Roman Mars [00:37:44] Yeah. Or wasn’t familiar with the muting and unmuting that we’ve gotten so adept at in our years of Zooming.
Vivian Le [00:37:50] Yes, exactly. And that brings me to the most damning piece of evidence that comes out of this investigation, which is the way in which some of the Justices signed off at the ends of their rounds of questioning.
Roman Mars [00:38:02] What do you mean by that?
Vivian Le [00:38:03] When some of the Justices were finished talking, there was a very subtle, audible drop out where you could tell that they had hit mute. So, I’m going to play for you a clip from Clarence Thomas as he’s finishing his questioning. And you’re going to have to listen super closely to the ambient noise in between Thomas’ voice and the voice that comes after it.
Clarence Thomas [00:38:22] And even someone knocking on their front door…
Vivian Le [00:38:27] You could hear a little bit of a drop out there. And then I’m also going to play Sotomayor to you so you can get a sense of what Sotomayor did, too.
Sonia Sotomayor [00:38:34] Shouldn’t we let the circuit below decide that question?
Vivian Le [00:38:43] So, right there. You hear that right there? And it’s hard to tell in audio, but Feinberg actually analyzed a visual waveform of these three Justices back-to-back, which is right there in the… I just Zoomed you picture, Roman. Tell me what you see.
Roman Mars [00:39:01] Yeah. So, it has the Thomas waveform, which has, you know, normal audio waves that you see. And then when it goes to mute, when they’re done talking, it goes to nothing. There’s no sound. And then Sotomayor’s does the same thing. She talks, she signs off, it goes to mute. But Breyer has little peaks of talking. And then when he’s done talking, you still have those little, ambient peaks as if he didn’t know or in this case, he did not mute.
Vivian Le [00:39:31] Yes, exactly. So, he is the lead suspect. Again, no definitive proof, but I think that’s the closest that we could get to an answer for now. Until he confesses on his deathbed. But, you know, this toilet thing is so funny because the Supreme Court goes to such great lengths to, like, project this air of grandeur and dignity, they wear these black robes and they sit on this elevated bench of mahogany and, you know, the guy comes down–he does the “oyez” chanting–and they have these cute, little quill pens next to them.
Roman Mars [00:40:04] Right. But when you, you know, listen to their arguments and even the written arguments, they’re just human beings, and they sometimes make really bad arguments and make dumb decisions. And they also use toilets, and they have IT Zoom issues.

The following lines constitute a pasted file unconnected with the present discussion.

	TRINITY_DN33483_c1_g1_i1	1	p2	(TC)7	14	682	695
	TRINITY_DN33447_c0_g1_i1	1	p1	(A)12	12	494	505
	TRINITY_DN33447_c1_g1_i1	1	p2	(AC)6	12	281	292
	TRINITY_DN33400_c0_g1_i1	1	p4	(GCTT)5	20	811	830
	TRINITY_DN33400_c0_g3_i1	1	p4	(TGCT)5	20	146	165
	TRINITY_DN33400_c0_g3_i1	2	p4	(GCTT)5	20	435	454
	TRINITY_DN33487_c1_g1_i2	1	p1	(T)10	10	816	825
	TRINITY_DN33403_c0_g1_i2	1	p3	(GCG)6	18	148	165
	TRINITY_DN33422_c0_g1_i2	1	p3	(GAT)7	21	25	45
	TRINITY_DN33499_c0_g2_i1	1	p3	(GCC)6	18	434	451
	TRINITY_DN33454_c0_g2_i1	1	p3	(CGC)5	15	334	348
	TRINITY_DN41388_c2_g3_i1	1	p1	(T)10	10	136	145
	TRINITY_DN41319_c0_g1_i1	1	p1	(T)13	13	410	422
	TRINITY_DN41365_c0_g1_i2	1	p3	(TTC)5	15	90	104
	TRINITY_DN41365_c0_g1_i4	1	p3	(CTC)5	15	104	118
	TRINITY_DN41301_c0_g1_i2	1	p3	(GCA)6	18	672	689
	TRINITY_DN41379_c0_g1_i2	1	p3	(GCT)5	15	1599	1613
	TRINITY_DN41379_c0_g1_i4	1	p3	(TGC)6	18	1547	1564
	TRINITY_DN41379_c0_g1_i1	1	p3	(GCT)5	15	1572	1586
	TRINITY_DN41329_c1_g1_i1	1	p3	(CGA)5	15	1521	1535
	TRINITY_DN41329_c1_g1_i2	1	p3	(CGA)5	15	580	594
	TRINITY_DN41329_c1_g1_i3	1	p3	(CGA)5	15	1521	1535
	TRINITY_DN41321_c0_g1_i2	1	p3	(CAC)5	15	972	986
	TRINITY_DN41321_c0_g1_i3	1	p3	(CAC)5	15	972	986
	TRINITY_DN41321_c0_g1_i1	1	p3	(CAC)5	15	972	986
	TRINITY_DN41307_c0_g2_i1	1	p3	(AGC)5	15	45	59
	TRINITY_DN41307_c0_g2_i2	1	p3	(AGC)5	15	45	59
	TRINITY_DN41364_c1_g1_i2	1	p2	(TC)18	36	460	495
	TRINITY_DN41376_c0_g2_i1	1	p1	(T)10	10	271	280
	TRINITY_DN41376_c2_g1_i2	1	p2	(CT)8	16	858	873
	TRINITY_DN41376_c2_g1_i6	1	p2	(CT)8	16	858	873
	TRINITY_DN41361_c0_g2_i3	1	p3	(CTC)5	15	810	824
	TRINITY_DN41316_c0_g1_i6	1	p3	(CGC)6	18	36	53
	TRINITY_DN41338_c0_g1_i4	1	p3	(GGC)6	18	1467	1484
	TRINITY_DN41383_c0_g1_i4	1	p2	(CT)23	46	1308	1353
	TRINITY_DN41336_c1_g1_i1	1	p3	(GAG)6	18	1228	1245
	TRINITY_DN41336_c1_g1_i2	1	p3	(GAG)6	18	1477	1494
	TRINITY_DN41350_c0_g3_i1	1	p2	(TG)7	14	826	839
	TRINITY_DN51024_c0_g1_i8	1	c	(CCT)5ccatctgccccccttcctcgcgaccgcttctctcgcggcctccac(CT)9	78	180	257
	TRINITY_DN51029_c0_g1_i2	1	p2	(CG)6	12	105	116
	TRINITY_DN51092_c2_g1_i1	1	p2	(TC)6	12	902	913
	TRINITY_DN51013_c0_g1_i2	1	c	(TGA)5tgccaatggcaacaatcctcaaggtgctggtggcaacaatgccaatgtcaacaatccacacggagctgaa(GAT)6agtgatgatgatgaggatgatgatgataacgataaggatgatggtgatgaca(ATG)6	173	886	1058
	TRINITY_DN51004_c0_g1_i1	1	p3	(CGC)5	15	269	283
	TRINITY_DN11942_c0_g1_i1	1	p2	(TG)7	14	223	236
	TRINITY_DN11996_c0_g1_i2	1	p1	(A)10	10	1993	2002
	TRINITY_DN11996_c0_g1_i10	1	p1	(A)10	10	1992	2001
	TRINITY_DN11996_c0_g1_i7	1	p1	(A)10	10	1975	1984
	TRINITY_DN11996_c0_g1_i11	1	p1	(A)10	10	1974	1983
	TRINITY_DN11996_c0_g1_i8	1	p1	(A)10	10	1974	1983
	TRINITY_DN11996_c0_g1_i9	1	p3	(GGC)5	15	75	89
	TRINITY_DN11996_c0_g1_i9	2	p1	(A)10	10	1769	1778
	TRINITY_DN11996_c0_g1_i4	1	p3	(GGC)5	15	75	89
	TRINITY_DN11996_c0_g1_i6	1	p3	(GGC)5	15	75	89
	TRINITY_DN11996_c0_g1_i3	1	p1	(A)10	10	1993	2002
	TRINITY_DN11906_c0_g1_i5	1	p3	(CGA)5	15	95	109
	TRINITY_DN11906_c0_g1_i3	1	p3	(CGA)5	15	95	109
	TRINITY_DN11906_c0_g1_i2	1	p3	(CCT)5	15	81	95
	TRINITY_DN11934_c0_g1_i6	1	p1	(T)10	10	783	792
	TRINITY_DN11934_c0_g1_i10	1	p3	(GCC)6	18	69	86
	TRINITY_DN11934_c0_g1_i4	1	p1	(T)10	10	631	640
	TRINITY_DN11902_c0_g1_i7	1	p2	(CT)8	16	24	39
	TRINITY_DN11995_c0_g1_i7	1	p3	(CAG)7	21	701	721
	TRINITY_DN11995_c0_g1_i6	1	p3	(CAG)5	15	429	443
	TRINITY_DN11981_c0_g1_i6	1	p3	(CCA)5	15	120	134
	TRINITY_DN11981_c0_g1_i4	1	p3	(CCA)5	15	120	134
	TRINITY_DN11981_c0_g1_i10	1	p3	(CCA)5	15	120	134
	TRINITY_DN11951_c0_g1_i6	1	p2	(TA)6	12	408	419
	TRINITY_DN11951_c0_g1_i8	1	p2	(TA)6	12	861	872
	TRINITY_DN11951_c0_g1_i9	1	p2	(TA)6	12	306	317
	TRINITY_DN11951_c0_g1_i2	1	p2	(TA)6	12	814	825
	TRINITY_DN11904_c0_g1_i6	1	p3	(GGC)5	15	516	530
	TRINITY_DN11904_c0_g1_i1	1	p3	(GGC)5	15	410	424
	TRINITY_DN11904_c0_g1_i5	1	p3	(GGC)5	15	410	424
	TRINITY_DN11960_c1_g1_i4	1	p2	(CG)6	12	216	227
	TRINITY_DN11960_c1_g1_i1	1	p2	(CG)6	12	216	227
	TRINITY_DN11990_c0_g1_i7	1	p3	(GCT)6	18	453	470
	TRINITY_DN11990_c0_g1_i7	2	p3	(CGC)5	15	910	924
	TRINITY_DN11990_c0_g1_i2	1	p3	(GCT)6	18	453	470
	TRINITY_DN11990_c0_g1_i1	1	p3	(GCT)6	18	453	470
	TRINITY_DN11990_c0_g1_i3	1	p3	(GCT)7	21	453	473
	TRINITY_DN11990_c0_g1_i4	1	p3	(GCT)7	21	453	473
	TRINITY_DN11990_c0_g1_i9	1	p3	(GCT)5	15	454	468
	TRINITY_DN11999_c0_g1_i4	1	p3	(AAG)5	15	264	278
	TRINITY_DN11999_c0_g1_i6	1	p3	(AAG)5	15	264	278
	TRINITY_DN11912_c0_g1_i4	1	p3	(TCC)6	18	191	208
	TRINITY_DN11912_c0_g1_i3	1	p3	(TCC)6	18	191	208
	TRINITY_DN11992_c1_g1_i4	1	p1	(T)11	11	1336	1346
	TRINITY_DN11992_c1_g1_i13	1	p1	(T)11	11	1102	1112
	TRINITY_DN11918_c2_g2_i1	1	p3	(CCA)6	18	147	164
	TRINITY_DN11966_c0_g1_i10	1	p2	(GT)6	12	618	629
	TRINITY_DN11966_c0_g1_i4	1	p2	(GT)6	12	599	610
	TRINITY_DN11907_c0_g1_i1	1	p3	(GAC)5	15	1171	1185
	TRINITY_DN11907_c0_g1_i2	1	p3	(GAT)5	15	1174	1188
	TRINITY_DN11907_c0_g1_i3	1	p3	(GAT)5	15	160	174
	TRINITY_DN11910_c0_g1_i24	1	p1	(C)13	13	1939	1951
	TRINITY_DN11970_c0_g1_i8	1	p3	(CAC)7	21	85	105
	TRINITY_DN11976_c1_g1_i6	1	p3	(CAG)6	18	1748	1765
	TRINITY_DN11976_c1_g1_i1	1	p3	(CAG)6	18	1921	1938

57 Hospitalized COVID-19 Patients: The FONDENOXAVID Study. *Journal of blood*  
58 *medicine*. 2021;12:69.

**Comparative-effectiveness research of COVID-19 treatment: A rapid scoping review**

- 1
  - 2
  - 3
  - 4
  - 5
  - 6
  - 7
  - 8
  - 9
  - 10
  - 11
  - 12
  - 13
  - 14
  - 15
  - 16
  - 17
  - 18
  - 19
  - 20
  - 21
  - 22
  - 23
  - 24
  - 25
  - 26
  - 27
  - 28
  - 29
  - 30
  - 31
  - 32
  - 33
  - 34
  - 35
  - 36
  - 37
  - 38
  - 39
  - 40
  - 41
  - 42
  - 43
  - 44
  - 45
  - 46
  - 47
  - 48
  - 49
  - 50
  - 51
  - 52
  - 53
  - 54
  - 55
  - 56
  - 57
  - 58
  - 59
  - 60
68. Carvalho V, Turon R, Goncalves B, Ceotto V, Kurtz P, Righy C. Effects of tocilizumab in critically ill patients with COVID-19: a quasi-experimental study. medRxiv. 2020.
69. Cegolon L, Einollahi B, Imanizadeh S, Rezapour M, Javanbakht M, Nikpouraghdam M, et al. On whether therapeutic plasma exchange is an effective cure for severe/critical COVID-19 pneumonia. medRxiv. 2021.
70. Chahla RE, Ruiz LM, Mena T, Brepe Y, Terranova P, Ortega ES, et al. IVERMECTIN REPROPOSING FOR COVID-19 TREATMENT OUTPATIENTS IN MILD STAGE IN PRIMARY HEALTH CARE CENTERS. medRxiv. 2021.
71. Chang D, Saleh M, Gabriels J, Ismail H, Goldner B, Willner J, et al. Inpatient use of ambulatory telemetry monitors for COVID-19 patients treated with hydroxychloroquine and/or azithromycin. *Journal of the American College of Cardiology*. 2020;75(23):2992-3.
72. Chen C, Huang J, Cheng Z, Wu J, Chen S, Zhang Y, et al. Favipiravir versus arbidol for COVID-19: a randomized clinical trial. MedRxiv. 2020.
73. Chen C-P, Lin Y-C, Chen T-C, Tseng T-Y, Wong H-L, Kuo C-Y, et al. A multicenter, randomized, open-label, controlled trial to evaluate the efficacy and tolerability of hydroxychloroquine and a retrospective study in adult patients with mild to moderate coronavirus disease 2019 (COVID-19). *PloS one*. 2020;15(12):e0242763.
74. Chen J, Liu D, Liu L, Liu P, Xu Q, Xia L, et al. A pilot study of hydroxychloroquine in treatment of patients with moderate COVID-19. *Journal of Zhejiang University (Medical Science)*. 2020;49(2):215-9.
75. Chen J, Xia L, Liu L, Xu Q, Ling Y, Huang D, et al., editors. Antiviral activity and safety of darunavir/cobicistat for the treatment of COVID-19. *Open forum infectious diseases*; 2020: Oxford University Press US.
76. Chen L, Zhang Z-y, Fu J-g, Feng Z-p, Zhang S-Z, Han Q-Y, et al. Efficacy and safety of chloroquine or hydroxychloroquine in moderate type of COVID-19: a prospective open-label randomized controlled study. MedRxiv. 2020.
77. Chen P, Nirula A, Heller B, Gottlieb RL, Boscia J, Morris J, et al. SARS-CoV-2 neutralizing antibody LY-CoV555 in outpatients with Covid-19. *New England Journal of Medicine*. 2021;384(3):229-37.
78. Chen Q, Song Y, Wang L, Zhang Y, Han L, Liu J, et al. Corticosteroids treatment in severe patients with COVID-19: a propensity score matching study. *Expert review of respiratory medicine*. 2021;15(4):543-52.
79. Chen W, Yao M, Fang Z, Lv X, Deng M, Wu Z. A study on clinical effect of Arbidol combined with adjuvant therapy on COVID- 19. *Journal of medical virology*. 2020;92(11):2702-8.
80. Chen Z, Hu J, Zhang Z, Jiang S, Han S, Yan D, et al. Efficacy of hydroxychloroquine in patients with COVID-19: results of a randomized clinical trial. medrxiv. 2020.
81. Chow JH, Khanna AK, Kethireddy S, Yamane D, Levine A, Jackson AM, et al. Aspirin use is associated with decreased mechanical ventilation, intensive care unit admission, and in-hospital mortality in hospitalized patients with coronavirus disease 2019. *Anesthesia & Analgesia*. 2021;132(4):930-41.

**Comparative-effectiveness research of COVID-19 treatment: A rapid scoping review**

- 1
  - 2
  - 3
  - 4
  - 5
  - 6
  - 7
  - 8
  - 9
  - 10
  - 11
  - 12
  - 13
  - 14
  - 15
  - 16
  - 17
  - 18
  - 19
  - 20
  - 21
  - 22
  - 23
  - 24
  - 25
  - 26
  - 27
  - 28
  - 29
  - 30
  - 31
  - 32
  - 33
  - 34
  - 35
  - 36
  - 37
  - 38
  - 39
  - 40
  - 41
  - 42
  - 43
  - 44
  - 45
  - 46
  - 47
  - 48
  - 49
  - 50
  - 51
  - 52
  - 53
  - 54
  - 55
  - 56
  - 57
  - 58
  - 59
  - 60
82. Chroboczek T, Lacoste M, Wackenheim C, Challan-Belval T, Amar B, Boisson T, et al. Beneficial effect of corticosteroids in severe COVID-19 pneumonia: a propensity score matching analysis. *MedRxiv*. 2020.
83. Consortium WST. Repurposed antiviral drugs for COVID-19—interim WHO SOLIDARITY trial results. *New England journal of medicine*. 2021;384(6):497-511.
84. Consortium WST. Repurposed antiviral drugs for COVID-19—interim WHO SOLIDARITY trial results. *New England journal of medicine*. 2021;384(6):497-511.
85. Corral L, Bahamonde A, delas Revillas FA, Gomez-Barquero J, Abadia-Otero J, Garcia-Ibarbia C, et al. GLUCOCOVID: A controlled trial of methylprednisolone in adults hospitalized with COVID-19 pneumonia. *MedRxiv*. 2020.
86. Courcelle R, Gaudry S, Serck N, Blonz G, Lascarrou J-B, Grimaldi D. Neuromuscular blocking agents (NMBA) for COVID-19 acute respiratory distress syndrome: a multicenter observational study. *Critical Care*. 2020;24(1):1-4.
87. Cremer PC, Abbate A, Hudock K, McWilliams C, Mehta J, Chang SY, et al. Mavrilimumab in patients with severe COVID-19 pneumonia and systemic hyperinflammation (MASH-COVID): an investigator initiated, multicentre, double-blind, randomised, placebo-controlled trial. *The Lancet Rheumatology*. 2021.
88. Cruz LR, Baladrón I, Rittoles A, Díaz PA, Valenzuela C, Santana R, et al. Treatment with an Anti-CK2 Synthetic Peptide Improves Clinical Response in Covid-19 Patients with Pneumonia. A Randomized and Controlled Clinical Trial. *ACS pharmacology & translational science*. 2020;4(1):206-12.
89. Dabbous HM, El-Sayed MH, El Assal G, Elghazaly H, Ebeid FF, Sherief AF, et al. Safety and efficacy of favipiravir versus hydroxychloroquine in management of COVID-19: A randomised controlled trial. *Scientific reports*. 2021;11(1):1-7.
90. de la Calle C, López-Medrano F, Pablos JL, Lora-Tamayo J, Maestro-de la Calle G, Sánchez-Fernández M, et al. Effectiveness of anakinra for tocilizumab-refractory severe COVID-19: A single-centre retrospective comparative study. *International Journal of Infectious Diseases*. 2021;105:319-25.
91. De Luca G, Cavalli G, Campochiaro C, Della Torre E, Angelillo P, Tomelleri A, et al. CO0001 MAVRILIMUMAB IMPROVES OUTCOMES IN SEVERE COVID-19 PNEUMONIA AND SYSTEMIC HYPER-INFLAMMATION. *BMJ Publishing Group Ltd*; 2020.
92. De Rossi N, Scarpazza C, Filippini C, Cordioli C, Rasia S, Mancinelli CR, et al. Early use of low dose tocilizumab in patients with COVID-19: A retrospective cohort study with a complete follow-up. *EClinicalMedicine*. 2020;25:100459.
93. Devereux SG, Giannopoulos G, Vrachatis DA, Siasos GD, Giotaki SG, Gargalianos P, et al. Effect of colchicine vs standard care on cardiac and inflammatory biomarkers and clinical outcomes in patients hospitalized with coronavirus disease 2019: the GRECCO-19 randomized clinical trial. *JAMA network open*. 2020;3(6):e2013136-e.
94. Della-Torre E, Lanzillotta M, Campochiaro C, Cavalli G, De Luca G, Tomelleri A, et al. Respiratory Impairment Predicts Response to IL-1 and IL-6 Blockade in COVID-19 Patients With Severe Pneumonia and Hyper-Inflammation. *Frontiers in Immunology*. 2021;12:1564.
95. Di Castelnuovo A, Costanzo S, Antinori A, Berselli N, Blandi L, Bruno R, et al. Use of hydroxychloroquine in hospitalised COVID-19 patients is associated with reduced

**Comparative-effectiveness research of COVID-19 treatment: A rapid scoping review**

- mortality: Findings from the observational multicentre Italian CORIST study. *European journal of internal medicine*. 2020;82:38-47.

Vivian Le [00:40:18] Yes. Yeah, we have a lot of good reasons to question the dignity of the Supreme Court. But everybody poops.
Roman Mars [00:40:30] Well, I’m so glad you could bring this important issue to our audience.
Vivian Le [00:40:37] Yeah. So, Roman, for your sake, I left out a lot of hilarious details from Ashley Feinberg’s toilet flush investigation. So, if listeners want to check that out for themselves, we’ll have a link to that on our website.
Roman Mars [00:40:48] This is great. Well, thank you so much. I appreciate it.
Vivian Le [00:40:50] Thank you.
Roman Mars [00:40:54] 99% Invisible was produced this week by Vivian Le and edited by Kelly Prime. Original music by Swan Real. Sound mix by Martín Gonzalez. Delaney Hall is our Senior Editor. Kurt Kohlstedt is our digital director. The rest of the team includes Chris Berube, Jayson De Leon, Emmett FitzGerald, Christopher Johnson, Lasha Madan, Jeyca Maldonado Medina, Joe Rosenberg, and me, Roman Mars. The 99% Invisible logo was created by Stefan Lawrence. Special thanks this week to Hedi Nasheri whose book Crime and Justice in the Age of Court TV was really helpful to this story, to Rachel Ward for additional editorial support, and also thanks to Jared Hernandez who created two amazing original courtroom sketches for this episode. Although I have some objection to how he depicted my nose. It is maybe that big, but it is not that round. But anyway, thank you, Jared… I guess. You can check those out on our website. We are part of the Stitcher and SiriusXM podcast family, now headquartered six blocks north in the Pandora Building — in beautiful uptown Oakland, California. You can find the show and join discussions about the show on Facebook. You can tweet me @romanmars and the show @99piorg. We’re on Instagram, Reddit, and TikTok too. You can find links to other Stitcher shows I love as well as every past episode of 99pi at 99pi.org.